G.I. Jobs Virtual Job Fair   |   June 27

Virtual Job Fair   |   June 27

What the GRE Really Means for Veterans

Photo Credit: Eric E Castro

A lot of mystery seeps into conversations about the infamous Graduate Record Examination (GRE) — conversations that mostly funnel into further mystery and individual wonderment. Thankfully, in reality, all the GRE requires of a test-taker is preparation — something veterans are rather keen on, conveniently so.

That said, no amount of preparation — the week, day or night prior to taking the GRE exam — will suffice. It is simply not possible. Unless you are equipped with a photographic memory, the GRE requires lengthy preparation, like training for a deployment. In order to complete training you must first orientate yourself to the task at hand. Here you will find out what the GRE really means for you as an undergrad.

Note: If you have already thrown in the GRE towel, check out this site for graduate schools that don’t require it.

Twice now I’ve taken the GRE exam; I realized after the first go-around that I hadn’t come close to prepping the way I should have. But the nice thing about the GRE is that you can take it again, again, and over again. The negative side is that it costs money. VA reimbursement for the test is shaky at best. Currently, for every exam you elect the Post-9/11 GI Bill to pay for, you’ll lose an entire month of benefits, while the good ol’ Montgomery GI Bill only deducts the cost of the exam (perhaps the only upshot of the MGIB nowadays). The GRE runs upwards of $200, or, in other words, highway robbery (not including travel, study guides, etc.). For further advice on skirting the GRE fee with VA benefits, visit this VA site. But if you’ve chosen the Post-9/11 (which is the wiser choice for higher academic education), it’ll actually save you money by footing the bill out of your own pocket.

The GRE is often an unwaiverable requirement for graduate schooling (although for many schools it’s just a check in the box). Of course, you don’t want to do poorly on the exam — the importance of your scores vary depending on your field of study and how competitive the school is — but generally speaking, graduate applications are not about how well you did on the GRE;  instead, they are weighed in letters of recommendation (ensure you give anyone writing you a letter of recommendation a heads-up long in advance), your writing sample, and your statement of purpose/intent. Take extra care with these requirements. Write them well. Treat them as your golden tickets.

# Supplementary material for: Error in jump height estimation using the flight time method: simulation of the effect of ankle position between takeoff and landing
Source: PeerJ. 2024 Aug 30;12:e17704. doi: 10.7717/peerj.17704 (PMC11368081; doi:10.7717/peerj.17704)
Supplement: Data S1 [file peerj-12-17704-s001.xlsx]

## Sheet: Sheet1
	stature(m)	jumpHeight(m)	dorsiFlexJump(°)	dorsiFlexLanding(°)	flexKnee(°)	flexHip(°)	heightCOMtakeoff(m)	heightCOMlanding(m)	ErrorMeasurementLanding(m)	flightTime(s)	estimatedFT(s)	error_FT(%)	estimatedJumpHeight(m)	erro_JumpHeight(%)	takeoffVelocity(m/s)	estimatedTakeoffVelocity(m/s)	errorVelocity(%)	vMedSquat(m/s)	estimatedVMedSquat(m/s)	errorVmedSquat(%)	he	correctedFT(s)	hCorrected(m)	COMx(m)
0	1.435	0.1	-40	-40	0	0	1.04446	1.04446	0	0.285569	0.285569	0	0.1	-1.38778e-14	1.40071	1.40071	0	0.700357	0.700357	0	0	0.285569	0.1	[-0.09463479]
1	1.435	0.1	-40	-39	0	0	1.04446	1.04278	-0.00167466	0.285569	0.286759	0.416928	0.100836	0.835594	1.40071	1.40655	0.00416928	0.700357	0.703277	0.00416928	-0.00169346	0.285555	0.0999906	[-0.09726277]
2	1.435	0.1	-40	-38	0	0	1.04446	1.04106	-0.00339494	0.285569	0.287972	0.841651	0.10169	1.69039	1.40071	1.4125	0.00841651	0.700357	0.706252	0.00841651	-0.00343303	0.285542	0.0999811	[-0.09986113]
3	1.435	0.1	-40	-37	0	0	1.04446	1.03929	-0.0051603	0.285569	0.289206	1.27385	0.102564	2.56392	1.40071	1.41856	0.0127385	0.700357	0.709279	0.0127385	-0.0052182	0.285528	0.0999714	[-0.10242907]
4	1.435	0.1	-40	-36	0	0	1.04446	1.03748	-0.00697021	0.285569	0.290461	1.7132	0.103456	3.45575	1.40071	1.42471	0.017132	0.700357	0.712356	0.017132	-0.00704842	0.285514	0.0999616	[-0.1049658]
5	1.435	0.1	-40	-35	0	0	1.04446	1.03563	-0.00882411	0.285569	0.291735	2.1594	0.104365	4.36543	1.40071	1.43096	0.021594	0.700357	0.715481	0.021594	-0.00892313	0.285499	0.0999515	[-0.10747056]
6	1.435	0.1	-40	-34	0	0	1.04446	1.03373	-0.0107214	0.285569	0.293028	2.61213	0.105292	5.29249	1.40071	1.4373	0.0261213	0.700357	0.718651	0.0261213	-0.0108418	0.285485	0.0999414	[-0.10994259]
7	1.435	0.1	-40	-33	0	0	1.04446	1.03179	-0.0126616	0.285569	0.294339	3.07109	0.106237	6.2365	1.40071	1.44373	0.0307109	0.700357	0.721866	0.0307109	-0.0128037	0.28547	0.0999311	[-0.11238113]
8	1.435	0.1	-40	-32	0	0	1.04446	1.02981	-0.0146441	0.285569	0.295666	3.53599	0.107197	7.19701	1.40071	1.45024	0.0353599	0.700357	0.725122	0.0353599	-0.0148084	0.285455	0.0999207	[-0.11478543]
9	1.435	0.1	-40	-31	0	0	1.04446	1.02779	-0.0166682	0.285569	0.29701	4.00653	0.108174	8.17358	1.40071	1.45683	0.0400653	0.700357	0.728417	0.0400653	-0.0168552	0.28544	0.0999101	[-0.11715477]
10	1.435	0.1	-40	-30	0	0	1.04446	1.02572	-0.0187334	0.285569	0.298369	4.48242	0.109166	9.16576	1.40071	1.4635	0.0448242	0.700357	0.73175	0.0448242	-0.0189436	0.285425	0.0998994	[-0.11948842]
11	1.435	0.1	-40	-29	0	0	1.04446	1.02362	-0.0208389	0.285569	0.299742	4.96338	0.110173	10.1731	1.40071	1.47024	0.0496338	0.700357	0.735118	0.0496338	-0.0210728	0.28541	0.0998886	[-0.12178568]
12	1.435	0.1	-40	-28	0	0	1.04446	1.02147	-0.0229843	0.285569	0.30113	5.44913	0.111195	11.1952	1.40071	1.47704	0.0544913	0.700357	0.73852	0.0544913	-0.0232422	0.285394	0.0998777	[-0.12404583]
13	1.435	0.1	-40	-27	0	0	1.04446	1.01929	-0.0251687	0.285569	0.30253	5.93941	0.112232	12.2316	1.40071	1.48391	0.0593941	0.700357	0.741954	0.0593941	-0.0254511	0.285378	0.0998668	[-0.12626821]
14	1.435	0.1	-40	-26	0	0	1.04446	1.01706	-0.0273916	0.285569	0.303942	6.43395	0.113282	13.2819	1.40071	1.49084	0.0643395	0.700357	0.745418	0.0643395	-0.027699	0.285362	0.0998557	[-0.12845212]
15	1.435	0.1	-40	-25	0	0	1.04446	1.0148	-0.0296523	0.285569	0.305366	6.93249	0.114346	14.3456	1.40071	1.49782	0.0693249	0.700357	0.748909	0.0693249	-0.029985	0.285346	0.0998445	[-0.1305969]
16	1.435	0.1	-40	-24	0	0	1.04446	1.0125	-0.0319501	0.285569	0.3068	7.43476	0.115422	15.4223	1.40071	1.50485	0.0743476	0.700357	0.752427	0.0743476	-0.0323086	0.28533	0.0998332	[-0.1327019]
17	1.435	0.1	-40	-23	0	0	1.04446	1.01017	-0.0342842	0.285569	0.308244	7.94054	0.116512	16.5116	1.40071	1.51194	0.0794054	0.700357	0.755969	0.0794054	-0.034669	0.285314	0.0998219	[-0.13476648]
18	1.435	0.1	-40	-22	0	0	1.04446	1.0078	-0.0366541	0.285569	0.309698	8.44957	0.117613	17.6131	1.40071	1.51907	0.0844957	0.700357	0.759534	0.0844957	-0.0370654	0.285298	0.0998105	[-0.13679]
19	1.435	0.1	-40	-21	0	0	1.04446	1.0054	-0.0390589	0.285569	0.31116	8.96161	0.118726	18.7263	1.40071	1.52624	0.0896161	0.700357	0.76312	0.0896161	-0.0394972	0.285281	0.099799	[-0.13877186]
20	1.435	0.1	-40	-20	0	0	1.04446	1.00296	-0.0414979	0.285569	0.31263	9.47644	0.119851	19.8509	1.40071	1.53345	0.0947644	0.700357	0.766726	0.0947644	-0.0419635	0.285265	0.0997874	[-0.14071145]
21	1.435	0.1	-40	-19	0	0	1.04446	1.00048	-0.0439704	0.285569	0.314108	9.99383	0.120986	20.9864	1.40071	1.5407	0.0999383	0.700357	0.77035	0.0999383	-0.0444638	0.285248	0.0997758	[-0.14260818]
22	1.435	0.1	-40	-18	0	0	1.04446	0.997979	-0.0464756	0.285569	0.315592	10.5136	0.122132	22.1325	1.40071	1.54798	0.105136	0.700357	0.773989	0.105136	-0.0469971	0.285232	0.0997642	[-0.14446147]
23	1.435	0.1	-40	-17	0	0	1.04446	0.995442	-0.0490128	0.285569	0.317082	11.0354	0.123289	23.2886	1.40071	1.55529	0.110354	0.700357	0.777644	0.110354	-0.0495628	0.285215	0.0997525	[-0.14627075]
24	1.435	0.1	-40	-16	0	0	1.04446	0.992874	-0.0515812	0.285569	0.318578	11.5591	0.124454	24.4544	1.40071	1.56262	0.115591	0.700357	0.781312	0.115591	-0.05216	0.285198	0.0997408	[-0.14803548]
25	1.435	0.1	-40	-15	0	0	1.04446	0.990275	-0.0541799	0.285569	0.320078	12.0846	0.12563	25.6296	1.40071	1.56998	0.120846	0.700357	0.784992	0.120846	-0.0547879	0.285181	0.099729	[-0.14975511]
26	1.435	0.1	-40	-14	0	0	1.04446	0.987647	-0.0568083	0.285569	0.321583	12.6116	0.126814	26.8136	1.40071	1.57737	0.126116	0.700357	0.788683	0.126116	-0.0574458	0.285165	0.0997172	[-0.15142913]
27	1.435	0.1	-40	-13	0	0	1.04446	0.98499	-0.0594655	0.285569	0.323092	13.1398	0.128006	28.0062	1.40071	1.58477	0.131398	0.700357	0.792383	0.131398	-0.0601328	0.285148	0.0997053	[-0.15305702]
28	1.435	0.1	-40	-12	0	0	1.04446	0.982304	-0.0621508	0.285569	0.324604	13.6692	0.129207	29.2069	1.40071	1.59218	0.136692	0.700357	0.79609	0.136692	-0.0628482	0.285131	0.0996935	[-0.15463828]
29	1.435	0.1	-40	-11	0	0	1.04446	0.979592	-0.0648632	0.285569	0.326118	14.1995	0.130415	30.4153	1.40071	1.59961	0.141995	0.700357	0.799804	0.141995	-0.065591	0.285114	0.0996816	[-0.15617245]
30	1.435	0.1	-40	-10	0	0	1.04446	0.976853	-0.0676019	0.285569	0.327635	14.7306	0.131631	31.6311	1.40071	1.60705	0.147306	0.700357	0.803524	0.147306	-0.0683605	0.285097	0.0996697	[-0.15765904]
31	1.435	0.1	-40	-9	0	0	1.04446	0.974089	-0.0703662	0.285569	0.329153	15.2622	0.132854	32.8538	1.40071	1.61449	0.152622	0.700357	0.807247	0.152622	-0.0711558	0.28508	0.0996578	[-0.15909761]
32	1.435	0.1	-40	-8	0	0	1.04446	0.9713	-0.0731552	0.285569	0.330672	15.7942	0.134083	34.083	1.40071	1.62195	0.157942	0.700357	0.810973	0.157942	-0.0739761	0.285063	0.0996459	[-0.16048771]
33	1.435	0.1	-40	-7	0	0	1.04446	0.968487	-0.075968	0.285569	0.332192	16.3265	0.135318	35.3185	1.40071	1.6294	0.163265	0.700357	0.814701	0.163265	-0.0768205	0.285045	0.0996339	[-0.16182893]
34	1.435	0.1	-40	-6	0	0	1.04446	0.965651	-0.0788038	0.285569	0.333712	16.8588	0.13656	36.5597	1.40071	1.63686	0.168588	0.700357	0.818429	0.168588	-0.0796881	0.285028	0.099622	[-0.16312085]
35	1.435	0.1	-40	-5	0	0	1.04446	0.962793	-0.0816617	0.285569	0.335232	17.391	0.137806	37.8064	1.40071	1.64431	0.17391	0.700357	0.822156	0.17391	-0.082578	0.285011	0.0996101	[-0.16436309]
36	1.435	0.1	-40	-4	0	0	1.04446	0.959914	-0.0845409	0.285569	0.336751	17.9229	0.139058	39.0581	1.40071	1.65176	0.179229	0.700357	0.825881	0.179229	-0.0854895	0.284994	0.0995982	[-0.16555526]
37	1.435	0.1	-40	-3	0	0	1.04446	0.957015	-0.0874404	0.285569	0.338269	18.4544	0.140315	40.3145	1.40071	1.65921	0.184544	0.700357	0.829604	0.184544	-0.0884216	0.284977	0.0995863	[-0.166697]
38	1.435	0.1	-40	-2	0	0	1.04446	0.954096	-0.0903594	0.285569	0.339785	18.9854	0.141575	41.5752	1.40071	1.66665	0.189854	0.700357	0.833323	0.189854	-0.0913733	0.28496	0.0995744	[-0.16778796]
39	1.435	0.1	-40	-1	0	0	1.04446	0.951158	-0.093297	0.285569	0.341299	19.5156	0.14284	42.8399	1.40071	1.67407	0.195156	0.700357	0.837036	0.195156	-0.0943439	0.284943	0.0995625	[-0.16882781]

Now to the nuts and bolts of prepping: Since most of us spend a considerable amount of downtime on the net, make the most of it. There are several free GRE practice apps that you can download to your iPhone. The Arcadia Prep GRE app is multifunctional, covering all the bases, while other applications centralize on quantitative reasoning, i.e. math, or vocabulary, like the MIT-crafted IntelliVocab. A popular, all-encompassing prepping method is through Magoosh, which, for $80, offers 200 video lessons, 1,000 practice questions, three practice tests and a score predictor.

All things considered, if you’re looking to further your higher educational goals, such as the Adonis of pedagogy: the Ph.D., then creating a rigid schedule of studying for the GRE — training the brain to master each wicket of its respective study — is essential.


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